• Resource-Based View describes the behaviours and results of family firms based on some of their special characteristics and resources (e.g., familiness). The study by Zahra et al. (2004) applying this theory proposes that family firms are more sensitive to the influence that their culture has on their EO than nonfamily firms. In the studies that cover the application of a Resource Based View to the outcomes from having an EO, the literature review reveals that this is a “complicated matter” involving a confluence of the type of EO, resources in the firm, and the level of inter-generational participation amongst others.
  • Agency Theory (Jensen & Meckling 1976) describes the “potential conflict between the principal, usually the company’s owner, and the agent, generally a non-owner manager.” The various articles that have employed this theory use it to explain a range of conclusions, such as that the agency advantage of family firms may be reduced due to owner related difficulties resulting in low risk-taking. Conversely, this theory is also used to explain the negative effect of risk-taking on family firm performance.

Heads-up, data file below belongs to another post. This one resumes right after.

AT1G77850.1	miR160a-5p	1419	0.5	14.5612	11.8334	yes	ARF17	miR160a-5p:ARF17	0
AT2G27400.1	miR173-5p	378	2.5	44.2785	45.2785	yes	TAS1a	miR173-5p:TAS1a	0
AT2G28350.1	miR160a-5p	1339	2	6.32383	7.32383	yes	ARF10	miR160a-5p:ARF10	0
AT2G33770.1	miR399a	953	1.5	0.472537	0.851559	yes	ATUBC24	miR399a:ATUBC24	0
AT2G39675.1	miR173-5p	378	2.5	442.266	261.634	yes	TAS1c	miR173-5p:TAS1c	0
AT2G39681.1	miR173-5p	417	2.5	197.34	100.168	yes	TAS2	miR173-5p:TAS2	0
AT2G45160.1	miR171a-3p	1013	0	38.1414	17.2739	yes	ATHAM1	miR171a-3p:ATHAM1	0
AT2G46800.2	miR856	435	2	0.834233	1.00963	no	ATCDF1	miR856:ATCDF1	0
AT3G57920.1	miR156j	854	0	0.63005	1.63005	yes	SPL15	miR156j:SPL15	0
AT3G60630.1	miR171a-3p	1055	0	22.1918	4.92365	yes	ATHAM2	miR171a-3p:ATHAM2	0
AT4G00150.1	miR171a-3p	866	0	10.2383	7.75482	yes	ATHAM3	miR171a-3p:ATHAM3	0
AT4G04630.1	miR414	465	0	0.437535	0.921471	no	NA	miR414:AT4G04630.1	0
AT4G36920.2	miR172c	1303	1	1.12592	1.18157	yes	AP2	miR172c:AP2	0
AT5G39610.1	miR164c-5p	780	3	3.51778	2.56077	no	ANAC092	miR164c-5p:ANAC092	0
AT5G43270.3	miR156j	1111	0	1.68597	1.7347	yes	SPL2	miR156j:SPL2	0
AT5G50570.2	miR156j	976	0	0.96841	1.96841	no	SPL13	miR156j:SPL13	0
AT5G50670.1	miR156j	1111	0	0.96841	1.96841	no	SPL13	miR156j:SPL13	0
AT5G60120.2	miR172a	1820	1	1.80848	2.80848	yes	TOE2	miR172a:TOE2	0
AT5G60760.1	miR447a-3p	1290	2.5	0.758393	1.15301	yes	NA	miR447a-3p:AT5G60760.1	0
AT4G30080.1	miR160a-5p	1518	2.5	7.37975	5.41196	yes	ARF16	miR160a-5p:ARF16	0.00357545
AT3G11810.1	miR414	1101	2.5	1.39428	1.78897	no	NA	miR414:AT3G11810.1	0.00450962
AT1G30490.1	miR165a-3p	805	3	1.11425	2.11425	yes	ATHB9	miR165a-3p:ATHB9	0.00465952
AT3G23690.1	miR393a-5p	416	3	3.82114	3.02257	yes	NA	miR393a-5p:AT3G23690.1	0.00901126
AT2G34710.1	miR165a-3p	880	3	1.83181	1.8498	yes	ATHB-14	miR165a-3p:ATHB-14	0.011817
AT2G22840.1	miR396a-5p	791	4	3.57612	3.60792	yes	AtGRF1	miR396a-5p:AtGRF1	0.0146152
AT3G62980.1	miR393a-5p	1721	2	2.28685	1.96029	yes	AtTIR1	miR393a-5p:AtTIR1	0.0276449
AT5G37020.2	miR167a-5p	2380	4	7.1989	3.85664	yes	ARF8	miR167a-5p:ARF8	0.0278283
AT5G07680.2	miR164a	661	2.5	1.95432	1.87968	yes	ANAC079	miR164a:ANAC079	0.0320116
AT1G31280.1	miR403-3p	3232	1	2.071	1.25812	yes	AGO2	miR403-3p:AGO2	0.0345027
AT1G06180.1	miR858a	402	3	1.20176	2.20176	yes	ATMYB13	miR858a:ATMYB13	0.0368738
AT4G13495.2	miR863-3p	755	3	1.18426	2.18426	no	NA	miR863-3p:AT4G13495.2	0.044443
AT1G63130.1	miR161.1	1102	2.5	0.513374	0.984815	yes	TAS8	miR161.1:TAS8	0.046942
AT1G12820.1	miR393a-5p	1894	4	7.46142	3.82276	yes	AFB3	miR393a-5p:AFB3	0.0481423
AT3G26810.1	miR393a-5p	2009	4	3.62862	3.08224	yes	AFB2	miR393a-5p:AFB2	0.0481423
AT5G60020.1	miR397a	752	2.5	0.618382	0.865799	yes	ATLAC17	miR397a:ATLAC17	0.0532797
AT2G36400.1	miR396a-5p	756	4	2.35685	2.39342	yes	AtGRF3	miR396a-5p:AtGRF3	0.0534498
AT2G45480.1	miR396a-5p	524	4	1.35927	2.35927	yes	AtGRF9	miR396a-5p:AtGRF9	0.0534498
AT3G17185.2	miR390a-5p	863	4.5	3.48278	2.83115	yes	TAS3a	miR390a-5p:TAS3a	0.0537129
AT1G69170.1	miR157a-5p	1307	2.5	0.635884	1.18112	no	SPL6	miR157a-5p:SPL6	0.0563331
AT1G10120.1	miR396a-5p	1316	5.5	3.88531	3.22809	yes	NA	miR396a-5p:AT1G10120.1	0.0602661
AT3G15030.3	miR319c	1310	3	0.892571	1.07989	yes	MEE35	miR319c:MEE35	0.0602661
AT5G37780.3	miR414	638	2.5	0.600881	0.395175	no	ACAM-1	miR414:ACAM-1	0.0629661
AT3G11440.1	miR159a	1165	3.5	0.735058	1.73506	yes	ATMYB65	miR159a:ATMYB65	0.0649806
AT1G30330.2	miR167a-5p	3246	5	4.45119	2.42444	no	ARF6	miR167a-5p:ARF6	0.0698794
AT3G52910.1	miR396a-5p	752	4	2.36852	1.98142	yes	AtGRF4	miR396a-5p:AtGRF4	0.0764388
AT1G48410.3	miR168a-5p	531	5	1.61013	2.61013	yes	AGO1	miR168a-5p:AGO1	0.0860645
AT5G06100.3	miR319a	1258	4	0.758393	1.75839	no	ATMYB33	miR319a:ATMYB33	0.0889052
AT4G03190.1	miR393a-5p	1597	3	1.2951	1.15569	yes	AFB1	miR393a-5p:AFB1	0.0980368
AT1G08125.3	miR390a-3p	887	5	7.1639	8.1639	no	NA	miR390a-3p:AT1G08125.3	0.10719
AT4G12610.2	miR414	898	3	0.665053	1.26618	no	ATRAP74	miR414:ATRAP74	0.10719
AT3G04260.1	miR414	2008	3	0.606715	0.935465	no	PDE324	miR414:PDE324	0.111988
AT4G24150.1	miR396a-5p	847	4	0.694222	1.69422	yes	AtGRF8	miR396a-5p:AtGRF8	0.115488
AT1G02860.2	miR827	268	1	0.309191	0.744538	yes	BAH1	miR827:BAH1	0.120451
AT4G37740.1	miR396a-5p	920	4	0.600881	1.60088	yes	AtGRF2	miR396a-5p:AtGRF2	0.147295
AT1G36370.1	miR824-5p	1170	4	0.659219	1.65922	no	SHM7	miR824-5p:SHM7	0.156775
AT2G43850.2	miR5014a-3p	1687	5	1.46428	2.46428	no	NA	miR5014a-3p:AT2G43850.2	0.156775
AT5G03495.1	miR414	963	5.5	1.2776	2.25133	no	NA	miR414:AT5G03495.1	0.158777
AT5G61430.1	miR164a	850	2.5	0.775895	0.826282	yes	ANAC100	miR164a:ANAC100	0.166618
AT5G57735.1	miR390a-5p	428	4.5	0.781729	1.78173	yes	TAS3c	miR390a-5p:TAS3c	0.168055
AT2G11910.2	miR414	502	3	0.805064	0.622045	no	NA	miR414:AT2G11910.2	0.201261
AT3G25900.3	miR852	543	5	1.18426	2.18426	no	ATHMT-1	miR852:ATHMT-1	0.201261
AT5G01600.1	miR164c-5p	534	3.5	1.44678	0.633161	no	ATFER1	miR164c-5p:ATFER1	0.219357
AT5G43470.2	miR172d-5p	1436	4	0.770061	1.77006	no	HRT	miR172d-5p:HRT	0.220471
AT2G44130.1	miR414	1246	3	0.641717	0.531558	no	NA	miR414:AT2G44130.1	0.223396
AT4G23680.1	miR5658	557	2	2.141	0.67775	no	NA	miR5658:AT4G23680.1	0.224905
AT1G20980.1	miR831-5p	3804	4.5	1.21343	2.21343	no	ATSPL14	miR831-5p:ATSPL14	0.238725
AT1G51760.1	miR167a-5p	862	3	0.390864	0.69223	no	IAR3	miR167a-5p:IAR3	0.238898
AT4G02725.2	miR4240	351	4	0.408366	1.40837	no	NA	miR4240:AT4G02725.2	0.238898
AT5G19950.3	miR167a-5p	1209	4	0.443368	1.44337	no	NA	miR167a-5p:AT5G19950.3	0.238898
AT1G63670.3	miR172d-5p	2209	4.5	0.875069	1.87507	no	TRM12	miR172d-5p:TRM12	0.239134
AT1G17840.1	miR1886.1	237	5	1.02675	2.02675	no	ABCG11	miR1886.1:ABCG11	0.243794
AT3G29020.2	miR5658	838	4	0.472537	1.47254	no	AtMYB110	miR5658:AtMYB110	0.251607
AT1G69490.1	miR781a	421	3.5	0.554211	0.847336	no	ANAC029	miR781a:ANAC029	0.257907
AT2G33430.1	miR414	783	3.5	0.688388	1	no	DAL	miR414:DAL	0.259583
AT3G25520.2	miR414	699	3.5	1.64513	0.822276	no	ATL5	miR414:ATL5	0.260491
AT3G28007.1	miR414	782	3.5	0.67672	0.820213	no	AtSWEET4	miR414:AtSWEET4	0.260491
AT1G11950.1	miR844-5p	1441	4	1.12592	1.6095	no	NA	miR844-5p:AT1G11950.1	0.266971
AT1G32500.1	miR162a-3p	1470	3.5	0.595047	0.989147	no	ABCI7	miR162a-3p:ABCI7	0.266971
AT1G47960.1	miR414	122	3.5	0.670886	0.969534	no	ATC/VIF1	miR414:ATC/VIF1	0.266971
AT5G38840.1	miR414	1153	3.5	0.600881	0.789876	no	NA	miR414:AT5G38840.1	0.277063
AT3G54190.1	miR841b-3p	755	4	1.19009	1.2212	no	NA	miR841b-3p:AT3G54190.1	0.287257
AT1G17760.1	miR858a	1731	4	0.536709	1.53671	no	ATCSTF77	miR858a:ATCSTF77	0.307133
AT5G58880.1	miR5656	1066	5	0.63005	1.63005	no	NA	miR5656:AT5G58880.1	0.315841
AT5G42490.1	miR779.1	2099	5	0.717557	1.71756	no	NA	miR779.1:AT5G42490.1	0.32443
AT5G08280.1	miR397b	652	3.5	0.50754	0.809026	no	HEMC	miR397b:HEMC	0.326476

• Stewardship Theory states that a “steward whose behaviour is ordered such that pro-organizational, collectivistic behaviours have higher utility than individualistic, self-serving behaviours” (Davis et al. 1997). Employing this theory predominantly demonstrates that stewardship factors such as long-term decision making, and inter-generational continuity of the business can impact the EO of a family firm.

So, what are some of the conclusions in the published research on the EO of family firms along Miller’s EO dimensions?